What the Science Says

  • Some studies have shown that Asian ginseng may lower blood glucose. Other studies indicate possible beneficial effects on immune function.
  • To date, research results on Asian ginseng are not conclusive enough to prove health claims associated with the herb. Only a handful of large clinical trials on Asian ginseng have been conducted. Most studies have been small or have had flaws in design and reporting. Some claims for health benefits have been based only on studies conducted in animals.
  • NCCAM is supporting research studies to better understand the use of Asian ginseng. NCCAM is studying how Asian ginseng interacts with other herbs and drugs and exploring its potential to treat chronic lung infection, impaired glucose tolerance, and Alzheimer's disease.

Side Effects and Cautions

  • When taken by mouth, ginseng is usually well tolerated. Some sources suggest that its use be limited to 3 months because of concerns about the development of side effects.
  • The most common side effects are headaches and sleep and gastrointestinal problems.
  • Ginseng can cause allergic reactions.
  • There have been reports of breast tenderness, menstrual irregularities, and high blood pressure associated with ginseng products, but these products' components were not analyzed, so effects may have been due to another herb or drug in the product.
  • Ginseng may lower levels of blood sugar; this effect may be seen more in people with diabetes. Therefore, people with diabetes should use extra caution with Asian ginseng, especially if they are using medicines to lower blood sugar or taking other herbs, such as bitter melon and fenugreek, that are also thought to lower blood sugar.
  • It is important to inform your health care providers about any herb or dietary supplement you are using, including Asian ginseng. This helps to ensure safe and coordinated care.

Milk Thistle

  • Liver protectorant - two capsules twice a day or manufacturer recommendations

  • NCCAM -  

    • Milk thistle is a plant whose fruit and seeds have been used for more than 2,000 years as a treatment for liver and biliary disorders.

    • The active substance in milk thistle, silymarin, is a mixture of flavonolignans, primarily consisting of 4 isomers: silybin, isosilybin, silychristin (also known as silichristin), and silydianin (also known as silidianin). In the biological literature, silybin is referred to as silibinin.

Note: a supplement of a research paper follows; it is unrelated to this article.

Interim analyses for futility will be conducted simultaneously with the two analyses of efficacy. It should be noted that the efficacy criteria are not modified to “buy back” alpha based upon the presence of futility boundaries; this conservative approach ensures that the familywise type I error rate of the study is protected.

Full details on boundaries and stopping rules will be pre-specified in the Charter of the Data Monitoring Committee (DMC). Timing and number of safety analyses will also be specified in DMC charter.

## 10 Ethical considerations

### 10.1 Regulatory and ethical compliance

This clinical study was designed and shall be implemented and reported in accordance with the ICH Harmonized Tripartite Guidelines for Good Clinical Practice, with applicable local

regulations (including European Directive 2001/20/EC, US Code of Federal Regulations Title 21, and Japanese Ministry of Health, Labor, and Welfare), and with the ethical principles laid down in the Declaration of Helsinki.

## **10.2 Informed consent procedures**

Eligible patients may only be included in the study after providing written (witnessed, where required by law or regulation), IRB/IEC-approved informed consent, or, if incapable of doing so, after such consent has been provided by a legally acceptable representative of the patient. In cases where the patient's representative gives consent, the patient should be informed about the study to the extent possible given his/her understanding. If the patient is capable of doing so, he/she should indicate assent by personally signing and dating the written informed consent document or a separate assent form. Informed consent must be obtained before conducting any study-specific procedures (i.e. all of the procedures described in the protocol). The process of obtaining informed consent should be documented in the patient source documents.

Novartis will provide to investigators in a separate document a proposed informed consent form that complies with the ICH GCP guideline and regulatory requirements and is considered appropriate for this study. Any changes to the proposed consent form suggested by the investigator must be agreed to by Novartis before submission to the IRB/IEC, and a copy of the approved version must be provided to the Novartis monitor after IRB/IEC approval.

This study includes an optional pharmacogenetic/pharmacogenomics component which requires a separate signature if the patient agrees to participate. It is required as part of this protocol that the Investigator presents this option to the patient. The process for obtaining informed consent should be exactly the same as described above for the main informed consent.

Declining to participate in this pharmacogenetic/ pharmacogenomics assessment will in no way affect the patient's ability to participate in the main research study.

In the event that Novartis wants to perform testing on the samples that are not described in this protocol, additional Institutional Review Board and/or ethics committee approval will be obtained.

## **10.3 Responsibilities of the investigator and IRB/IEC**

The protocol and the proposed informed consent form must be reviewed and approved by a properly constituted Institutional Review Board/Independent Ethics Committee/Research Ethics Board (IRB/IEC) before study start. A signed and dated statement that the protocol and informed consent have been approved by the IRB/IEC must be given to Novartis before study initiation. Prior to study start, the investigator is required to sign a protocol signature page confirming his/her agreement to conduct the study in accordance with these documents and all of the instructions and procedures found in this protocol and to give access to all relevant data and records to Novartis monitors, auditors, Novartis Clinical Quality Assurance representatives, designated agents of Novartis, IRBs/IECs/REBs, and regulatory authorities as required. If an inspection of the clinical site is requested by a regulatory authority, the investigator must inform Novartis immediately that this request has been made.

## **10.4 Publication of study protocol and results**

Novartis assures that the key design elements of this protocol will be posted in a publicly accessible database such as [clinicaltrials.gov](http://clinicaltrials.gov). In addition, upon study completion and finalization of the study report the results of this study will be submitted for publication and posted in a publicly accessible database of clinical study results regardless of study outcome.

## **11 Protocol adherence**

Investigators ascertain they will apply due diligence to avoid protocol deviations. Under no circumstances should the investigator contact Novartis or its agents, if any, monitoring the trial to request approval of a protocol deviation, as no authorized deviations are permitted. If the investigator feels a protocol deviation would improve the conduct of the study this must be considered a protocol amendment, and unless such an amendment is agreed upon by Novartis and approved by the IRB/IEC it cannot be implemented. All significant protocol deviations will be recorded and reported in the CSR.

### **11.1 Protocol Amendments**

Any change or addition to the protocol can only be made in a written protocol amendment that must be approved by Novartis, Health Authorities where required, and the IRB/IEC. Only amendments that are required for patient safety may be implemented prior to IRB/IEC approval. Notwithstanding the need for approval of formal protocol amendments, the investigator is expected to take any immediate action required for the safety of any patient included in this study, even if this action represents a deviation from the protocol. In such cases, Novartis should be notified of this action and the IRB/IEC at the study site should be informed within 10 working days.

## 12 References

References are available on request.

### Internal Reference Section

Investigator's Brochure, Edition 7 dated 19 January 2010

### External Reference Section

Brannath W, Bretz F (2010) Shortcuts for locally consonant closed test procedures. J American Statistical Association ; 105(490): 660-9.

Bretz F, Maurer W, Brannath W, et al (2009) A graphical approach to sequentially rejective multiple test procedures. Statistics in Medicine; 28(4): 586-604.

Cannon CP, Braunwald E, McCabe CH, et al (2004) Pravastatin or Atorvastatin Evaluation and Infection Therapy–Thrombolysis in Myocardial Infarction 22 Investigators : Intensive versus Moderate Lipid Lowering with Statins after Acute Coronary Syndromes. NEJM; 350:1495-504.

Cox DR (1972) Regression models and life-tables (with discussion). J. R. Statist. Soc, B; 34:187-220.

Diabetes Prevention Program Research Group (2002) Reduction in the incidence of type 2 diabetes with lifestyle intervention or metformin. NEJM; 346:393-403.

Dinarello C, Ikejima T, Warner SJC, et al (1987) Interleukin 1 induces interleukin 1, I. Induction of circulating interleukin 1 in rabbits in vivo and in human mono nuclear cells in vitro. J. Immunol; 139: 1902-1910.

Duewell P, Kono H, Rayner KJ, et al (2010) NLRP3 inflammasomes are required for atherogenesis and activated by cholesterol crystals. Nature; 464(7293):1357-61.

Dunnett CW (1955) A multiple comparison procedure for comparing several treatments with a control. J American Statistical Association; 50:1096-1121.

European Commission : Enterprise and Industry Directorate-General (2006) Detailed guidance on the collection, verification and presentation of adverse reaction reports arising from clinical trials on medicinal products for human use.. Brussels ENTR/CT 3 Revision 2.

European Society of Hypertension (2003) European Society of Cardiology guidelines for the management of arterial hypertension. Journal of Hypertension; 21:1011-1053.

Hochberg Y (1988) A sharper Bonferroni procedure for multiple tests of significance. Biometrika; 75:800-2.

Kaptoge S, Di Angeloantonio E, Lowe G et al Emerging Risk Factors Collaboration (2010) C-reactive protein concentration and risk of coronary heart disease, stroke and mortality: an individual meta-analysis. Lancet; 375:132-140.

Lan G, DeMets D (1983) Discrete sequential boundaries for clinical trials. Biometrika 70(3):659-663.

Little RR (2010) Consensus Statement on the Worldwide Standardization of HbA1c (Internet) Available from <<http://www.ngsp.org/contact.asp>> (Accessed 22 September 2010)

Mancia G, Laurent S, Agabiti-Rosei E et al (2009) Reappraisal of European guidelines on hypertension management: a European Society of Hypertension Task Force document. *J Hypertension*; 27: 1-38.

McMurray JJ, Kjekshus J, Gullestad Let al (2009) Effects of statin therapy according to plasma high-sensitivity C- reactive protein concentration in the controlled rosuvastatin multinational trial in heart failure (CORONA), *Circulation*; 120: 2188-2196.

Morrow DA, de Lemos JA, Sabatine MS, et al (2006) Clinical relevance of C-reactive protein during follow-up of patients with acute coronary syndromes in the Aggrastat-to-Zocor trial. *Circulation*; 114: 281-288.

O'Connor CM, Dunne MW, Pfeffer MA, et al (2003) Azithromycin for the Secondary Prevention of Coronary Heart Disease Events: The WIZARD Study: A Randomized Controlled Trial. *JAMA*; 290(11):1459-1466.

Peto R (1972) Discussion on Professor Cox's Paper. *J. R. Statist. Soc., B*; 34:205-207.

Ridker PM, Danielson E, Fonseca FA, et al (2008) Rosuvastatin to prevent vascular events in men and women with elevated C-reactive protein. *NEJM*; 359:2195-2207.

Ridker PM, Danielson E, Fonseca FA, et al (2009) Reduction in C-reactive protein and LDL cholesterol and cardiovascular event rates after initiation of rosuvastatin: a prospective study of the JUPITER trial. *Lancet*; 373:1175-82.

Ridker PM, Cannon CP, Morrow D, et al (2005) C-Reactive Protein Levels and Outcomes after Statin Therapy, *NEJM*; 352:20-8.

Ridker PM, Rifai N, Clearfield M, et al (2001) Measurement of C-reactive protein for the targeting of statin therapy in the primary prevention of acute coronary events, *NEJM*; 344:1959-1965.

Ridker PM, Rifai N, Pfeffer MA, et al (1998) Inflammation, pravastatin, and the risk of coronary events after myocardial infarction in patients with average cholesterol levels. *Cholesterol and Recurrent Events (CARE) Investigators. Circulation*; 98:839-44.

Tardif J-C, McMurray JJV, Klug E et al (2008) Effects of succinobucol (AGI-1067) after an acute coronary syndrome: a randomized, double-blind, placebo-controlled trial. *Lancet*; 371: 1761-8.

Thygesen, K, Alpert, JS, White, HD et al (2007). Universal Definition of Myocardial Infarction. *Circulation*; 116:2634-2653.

• Laboratory studies demonstrate that silymarin functions as a potent antioxidant, stabilizes cellular membranes, stimulates detoxification pathways, stimulates regeneration of liver tissue, inhibits the growth of certain cancer cell lines, exerts direct cytotoxic activity toward certain cancer cell lines, and may increase the efficacy of certain chemotherapy agents.

    • Human clinical trials have investigated milk thistle or silymarin primarily in individuals with hepatitis or cirrhosis. No clinical trials in individuals with cancer have been published.

    • Few adverse side effects have been reported for milk thistle, but little information about interactions with anticancer medications or other drugs is available.

    • Milk thistle is available in the United States as a dietary supplement.


  • Kefir - milk or soy - excellent source of "good" bacteria

  • GI tract health and protectorant

  • Dr. Weil:  "I take acidophilus to reduce the risk of traveler's diarrhea. The dose is one tablespoon of the liquid culture or one to two capsules after meals unless the label directs otherwise. Always check the expiration date on acidophilus products. You want to be sure the bacteria in them are alive and in good condition. And be sure to protect your supply from heat. I prefer products like Culturelle that provide lactobacillus gg, a strain known to survive passage through the strong acid of the stomach."

Gingko Biloba - (NCCAM)

What It Is Used For

  • Ginkgo seeds have been used in traditional Chinese medicine for thousands of years, and cooked seeds are occasionally eaten. More recently, ginkgo leaf extract has been used to treat a variety of ailments and conditions, including asthma, bronchitis, fatigue, and tinnitus (ringing in the ears).